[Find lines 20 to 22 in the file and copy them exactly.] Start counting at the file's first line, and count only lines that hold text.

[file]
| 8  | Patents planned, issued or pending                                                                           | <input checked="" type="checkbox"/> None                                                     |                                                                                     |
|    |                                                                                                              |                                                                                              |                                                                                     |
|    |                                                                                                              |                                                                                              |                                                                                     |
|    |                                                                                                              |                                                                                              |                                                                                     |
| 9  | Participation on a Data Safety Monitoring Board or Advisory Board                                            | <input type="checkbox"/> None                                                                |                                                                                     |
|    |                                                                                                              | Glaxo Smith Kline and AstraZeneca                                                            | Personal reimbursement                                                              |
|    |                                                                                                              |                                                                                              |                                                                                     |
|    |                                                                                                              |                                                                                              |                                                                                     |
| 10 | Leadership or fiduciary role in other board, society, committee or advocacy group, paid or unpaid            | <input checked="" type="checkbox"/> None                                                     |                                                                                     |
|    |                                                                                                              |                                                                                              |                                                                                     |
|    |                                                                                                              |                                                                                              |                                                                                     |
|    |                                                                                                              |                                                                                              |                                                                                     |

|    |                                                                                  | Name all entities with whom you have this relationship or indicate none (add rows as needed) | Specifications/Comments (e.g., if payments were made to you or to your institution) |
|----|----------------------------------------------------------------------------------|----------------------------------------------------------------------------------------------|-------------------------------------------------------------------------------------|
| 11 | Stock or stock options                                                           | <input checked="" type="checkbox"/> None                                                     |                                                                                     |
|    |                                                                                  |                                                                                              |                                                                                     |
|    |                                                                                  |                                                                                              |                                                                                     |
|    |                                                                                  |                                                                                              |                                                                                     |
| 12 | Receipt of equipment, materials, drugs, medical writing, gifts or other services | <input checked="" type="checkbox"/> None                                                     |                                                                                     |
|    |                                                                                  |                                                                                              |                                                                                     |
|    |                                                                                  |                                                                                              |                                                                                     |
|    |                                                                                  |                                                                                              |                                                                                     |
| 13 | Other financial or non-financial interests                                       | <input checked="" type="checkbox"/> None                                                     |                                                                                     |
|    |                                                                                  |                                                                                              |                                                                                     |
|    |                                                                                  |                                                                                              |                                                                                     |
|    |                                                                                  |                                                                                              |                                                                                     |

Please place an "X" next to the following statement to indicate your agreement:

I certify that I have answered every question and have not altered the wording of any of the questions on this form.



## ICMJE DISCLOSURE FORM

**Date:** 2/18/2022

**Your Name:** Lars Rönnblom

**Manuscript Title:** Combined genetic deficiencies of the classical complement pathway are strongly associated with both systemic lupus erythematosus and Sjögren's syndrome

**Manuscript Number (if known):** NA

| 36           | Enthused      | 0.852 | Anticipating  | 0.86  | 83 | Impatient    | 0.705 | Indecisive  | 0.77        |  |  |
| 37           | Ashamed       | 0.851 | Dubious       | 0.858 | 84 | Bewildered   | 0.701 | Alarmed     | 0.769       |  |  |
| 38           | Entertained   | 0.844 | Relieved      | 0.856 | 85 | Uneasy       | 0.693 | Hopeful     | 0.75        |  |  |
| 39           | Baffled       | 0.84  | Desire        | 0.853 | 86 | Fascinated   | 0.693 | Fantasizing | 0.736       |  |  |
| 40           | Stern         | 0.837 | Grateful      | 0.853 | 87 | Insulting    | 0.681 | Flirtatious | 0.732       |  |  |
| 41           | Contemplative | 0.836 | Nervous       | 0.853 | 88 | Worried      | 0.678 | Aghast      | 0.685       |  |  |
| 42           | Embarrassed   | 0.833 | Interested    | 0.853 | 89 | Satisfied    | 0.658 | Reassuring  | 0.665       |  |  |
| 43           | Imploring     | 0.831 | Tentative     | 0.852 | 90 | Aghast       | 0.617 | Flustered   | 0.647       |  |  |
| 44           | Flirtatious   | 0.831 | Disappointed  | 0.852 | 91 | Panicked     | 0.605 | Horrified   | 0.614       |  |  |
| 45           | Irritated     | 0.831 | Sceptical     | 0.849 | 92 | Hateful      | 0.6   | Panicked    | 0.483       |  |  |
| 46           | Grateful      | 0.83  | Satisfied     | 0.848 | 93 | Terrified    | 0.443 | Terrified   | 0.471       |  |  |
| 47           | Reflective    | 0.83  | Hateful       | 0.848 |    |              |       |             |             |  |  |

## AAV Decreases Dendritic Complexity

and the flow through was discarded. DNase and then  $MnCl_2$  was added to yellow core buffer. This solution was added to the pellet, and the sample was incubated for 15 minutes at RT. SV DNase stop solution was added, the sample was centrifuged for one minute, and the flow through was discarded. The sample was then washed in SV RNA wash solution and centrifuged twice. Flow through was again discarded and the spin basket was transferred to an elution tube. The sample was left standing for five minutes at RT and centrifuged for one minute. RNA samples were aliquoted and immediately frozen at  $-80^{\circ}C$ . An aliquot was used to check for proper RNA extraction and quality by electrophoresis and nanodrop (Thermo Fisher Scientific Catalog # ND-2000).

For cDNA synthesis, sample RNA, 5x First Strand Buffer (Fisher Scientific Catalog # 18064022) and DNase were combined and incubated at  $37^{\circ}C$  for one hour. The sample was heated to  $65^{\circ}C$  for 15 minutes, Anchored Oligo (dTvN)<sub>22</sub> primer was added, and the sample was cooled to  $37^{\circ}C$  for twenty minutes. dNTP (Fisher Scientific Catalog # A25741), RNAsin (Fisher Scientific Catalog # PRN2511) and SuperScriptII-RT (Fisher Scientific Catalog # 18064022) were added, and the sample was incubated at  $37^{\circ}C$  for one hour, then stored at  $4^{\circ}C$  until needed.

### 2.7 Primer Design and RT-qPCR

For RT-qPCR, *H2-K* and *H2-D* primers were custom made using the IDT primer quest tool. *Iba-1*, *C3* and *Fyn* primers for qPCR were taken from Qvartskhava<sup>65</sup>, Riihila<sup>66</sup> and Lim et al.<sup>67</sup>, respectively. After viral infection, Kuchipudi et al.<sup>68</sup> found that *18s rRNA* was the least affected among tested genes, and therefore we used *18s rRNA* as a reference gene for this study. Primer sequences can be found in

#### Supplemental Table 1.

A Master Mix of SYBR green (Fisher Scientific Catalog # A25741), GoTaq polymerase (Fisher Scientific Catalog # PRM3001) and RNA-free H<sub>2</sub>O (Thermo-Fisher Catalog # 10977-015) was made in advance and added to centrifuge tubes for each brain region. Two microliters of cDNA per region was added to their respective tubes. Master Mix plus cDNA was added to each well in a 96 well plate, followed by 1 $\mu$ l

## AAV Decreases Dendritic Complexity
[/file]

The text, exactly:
|    |                                                                                  |                                                                                              |                                                                                     |
|    |                                                                                  |                                                                                              |                                                                                     |
|    |                                                                                  |                                                                                              |                                                                                     |